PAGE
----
With the city involved in so many aspects of urban social control and regulation, it is not surprising that a civic bureaucracy arose. The recorder’s office emerged in parallel with the legal profession. Although elected and a member of the aldermanry, the officer did receive pay for his work of running the husting court. His responsibilities also often included arbitration. The chamberlain was the other major city officer. Selected by the mayor, his duties included the city finances, the court of orphans and a number of other essential matters. John Carpenter, who compiled the Liber Albus, and William Dunthorne, who put together the Liber Dunthorne in 1474, both held this office. The chamberlain had access to the various city records, and it was from these that he assembled his books. In addition to these important officers, the city had other paid civil servants.
While London had no merchant guild, the powerful guilds and companies of London came to play an increasing role in municipal politics and in staffing the offices of alderman, mayor and sheriff. Barron traces the creation of the guilds from their earliest appearance as craft guilds to livery companies. While she discusses their rivalries, she spends less time on the way in which these interacted with London politics. Instead, she traces their rise to power and their declining influence in the sixteenth century when other companies, such as the East India Company, replaced them.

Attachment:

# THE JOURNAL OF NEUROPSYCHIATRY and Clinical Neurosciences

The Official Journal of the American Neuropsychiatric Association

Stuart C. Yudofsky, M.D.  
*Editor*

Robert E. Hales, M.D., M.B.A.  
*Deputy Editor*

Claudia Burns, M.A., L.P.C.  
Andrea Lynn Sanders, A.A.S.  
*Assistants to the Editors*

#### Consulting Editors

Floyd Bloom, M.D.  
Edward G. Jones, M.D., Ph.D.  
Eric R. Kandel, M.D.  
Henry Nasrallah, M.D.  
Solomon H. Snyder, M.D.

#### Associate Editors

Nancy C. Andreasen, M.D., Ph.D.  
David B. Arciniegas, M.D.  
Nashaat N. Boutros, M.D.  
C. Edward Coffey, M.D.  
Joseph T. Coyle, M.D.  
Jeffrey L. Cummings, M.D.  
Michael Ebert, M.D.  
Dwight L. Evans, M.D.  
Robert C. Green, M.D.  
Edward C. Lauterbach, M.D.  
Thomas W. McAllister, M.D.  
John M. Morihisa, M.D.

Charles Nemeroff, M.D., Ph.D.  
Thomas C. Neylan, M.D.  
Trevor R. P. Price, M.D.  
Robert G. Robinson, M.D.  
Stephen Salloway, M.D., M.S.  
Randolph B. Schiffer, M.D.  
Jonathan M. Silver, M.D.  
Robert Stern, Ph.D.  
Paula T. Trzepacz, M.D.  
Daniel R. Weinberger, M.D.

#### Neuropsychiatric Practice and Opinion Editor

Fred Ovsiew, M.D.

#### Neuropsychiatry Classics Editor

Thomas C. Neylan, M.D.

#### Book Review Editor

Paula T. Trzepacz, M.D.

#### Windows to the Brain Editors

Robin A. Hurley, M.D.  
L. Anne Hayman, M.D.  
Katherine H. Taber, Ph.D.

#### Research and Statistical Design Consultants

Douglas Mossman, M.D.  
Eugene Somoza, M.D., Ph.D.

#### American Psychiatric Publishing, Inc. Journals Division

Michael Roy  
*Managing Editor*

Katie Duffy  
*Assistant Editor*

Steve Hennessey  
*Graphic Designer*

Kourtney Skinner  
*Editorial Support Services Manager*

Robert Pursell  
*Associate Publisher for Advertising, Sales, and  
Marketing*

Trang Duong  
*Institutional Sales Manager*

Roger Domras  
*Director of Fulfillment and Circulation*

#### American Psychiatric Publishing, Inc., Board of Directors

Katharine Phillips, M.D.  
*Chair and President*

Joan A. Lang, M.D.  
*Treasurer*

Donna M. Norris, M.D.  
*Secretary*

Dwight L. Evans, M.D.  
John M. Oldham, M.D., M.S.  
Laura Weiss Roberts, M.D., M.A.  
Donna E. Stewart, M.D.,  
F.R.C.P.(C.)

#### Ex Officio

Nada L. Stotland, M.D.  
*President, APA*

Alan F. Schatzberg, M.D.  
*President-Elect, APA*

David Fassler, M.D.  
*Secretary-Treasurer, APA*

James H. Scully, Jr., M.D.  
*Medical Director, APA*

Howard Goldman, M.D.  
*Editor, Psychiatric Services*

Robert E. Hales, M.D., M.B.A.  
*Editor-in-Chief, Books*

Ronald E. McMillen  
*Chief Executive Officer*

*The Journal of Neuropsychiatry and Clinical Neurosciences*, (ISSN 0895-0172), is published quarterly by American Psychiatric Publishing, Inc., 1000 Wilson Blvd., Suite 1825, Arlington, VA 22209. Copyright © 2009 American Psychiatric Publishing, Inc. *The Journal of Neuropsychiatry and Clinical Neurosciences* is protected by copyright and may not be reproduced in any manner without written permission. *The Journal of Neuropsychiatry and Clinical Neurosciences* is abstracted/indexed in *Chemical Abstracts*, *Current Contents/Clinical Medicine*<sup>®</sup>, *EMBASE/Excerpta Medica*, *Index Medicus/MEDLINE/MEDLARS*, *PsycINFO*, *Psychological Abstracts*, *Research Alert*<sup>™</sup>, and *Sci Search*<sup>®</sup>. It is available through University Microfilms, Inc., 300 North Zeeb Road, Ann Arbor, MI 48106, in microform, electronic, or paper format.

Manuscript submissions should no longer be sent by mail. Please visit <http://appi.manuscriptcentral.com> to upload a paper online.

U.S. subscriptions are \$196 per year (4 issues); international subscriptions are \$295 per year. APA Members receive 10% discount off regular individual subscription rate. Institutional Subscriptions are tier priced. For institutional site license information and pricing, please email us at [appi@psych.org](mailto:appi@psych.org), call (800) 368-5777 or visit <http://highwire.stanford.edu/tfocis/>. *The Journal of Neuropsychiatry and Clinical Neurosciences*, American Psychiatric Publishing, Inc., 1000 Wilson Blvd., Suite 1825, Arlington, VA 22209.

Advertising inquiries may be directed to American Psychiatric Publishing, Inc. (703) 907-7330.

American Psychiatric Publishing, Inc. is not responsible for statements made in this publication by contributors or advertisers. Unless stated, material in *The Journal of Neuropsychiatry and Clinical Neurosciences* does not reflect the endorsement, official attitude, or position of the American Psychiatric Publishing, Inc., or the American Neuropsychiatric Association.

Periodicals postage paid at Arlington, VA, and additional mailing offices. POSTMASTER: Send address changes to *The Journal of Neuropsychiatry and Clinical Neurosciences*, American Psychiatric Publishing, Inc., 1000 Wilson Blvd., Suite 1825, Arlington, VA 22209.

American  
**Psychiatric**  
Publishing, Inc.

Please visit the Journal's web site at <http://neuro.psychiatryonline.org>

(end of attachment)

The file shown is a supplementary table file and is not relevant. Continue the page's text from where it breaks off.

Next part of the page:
The final part of the book concerns the practice of civic government. Here Barron examines population, health provisions, sections of the city, walls and building, housing and other matters pertaining to the physical environment. She accepts an estimation of London’s population at 100,000 or higher, which is improbable given the sample from which it is drawn, the physical size of London and the amount of open space there. Again, a comparison with European figures would help the reader place this information in a better context; London could not have been larger than Ghent, for instance. Indeed, continental observers felt that London was a bit of a backwater. The chapter on welfare provisions includes the court of orphans, care for the poor, hospitals and alms houses. Some of these institutions were city operated, others were run by religious groups, some were private endowments and others belonged to guilds.
The research is largely based on Barron’s painstaking search through the archives of London. It is a book driven by primary source research and it is a most impressive accomplishment. At times, however, the absence of a secondary, supporting literature is disappointing. One has the sense that the secondary works cited are those in Barron’s library and not the product of research on recent contributions to London’s history. The sections on economics and on welfare would have benefited from the inclusion of this literature. Some comparative materials would have made the book more significant as an engagement with European urban history. But that criticism aside, Barron’s book is a great contribution to our understanding of London and to medieval urban history in general.